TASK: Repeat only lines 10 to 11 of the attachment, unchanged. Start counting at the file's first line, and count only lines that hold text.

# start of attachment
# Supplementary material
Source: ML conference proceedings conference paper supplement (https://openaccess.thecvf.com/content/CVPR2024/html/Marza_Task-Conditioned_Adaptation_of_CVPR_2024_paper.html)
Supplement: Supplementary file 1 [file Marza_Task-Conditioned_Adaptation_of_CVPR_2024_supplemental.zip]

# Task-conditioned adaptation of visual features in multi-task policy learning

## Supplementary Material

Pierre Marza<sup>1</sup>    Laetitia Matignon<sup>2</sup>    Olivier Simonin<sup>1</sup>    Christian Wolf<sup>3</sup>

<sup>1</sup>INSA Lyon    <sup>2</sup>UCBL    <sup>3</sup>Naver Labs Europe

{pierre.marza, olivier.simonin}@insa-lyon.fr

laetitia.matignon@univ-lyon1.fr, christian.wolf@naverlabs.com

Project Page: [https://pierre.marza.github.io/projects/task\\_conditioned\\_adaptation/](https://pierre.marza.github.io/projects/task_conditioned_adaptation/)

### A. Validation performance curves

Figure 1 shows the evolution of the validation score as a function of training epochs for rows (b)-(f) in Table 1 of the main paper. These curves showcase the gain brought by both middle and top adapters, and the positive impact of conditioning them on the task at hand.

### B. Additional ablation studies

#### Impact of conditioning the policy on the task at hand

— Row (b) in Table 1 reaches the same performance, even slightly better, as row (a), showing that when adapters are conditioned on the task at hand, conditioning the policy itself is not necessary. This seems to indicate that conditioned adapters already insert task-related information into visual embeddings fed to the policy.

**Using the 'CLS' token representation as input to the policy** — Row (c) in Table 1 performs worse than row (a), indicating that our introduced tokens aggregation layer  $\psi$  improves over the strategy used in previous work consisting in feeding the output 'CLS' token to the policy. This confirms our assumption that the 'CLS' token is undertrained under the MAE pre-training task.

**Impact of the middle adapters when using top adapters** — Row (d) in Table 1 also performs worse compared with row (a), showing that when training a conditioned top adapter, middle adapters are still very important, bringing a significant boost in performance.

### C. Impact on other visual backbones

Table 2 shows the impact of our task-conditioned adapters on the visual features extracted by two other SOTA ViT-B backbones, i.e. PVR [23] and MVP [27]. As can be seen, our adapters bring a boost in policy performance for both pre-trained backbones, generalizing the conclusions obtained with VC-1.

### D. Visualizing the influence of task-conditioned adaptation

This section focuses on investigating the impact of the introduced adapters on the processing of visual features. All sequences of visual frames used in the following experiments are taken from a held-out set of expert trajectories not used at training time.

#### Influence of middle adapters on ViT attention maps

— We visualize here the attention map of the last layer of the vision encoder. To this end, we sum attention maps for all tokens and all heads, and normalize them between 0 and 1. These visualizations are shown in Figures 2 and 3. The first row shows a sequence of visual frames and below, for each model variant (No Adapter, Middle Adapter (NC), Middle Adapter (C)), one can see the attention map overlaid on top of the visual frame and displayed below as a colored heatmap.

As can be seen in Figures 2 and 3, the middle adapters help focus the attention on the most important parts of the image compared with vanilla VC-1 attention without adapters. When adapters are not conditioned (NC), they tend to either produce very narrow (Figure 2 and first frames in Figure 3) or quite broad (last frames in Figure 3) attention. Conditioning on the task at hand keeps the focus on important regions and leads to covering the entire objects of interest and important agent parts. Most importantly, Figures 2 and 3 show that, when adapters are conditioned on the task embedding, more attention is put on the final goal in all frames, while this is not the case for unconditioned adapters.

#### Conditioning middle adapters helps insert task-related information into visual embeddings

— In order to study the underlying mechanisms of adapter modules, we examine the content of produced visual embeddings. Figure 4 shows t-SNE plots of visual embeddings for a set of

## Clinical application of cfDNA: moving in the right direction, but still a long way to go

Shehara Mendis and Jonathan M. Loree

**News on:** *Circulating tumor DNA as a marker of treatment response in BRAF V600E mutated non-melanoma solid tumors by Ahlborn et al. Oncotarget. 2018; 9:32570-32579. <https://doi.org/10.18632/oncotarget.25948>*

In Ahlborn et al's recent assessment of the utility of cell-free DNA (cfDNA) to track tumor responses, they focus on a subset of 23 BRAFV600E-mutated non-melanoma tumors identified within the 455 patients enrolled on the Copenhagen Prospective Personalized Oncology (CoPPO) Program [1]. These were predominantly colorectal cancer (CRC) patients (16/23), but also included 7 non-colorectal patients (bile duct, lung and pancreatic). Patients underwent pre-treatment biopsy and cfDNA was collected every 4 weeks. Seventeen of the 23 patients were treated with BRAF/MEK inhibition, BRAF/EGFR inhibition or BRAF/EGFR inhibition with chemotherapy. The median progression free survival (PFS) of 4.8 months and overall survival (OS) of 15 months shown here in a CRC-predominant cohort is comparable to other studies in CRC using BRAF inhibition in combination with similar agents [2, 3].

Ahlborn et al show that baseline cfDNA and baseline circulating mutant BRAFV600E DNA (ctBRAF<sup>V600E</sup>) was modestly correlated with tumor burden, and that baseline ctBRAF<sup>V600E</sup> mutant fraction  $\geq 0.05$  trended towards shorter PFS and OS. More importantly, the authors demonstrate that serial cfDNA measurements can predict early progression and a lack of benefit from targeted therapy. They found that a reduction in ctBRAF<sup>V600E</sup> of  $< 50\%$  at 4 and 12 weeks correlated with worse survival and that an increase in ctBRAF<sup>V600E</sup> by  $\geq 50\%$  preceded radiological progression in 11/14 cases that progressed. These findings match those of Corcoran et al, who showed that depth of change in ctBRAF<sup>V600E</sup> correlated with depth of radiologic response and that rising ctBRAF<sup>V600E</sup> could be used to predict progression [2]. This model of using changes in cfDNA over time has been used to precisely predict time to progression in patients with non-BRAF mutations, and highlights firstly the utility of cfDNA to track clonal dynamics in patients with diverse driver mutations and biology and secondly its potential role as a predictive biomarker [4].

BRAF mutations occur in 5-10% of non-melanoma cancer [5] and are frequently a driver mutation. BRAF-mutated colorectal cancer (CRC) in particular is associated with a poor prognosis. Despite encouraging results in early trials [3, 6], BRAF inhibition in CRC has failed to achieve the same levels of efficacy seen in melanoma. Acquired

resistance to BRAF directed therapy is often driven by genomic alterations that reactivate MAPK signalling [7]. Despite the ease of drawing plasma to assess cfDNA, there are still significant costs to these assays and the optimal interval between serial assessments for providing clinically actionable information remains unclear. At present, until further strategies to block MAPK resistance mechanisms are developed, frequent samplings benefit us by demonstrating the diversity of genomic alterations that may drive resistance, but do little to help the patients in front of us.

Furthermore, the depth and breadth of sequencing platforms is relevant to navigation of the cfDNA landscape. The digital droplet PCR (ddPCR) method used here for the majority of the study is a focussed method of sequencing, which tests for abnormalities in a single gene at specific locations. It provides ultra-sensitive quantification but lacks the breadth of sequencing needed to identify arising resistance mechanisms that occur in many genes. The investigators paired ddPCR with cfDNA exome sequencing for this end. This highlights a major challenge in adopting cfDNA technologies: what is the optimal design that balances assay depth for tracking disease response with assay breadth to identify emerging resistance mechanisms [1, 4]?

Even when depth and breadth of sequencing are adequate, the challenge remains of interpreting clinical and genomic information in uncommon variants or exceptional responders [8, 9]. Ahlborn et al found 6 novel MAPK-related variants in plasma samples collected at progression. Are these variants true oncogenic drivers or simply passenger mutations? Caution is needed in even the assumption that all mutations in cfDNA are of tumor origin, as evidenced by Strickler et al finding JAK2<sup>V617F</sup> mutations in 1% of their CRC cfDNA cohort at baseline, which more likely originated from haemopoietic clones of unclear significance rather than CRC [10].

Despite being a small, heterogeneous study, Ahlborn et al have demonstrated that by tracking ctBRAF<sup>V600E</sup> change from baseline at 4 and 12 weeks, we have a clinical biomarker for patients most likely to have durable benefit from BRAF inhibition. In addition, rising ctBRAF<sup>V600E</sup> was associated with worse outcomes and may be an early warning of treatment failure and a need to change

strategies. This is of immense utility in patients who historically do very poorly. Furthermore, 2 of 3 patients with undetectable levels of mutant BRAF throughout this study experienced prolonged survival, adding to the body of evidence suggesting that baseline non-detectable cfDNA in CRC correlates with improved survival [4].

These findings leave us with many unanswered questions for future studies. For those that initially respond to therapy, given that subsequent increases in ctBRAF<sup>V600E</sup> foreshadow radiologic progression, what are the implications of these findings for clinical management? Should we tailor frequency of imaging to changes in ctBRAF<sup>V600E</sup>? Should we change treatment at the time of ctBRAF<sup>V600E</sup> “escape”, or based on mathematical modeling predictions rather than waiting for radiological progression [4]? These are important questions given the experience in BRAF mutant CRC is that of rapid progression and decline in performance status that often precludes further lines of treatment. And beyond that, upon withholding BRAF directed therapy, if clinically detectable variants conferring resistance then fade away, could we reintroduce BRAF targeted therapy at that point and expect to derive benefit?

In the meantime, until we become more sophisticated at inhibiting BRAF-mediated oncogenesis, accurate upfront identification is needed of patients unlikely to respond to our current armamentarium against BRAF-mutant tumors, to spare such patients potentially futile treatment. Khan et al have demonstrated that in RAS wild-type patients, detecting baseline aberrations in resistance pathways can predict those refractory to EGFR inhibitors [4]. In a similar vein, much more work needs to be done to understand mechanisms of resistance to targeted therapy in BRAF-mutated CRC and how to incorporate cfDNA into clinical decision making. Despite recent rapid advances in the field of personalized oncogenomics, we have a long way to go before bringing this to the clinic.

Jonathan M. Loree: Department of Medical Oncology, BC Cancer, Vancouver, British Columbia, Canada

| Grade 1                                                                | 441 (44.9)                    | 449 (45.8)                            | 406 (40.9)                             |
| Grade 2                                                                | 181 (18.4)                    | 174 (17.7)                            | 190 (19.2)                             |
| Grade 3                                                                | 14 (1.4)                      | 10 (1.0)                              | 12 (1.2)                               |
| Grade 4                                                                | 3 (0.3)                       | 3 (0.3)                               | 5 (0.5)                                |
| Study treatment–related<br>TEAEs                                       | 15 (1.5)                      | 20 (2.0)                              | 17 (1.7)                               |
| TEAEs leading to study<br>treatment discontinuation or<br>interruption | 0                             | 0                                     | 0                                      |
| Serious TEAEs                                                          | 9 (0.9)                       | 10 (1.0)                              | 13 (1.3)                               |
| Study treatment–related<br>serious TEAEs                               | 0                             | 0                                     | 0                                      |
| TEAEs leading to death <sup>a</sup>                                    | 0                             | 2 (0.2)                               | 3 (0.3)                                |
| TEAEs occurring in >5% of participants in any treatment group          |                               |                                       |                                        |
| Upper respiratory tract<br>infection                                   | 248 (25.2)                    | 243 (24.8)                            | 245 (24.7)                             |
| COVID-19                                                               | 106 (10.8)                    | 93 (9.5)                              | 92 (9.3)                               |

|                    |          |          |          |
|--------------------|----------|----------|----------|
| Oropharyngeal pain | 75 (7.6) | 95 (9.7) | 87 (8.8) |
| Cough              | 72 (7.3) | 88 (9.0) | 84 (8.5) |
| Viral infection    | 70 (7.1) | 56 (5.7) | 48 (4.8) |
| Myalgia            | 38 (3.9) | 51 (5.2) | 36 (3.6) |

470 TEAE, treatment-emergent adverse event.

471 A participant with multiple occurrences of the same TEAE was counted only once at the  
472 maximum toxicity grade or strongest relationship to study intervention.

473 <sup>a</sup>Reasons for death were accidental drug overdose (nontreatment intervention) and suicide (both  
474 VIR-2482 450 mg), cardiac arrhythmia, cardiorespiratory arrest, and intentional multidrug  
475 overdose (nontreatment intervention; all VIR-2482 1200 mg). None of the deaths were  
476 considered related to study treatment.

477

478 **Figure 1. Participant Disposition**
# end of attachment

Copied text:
Project Page: [https://pierre.marza.github.io/projects/task\\_conditioned\\_adaptation/](https://pierre.marza.github.io/projects/task_conditioned_adaptation/)

### A. Validation performance curves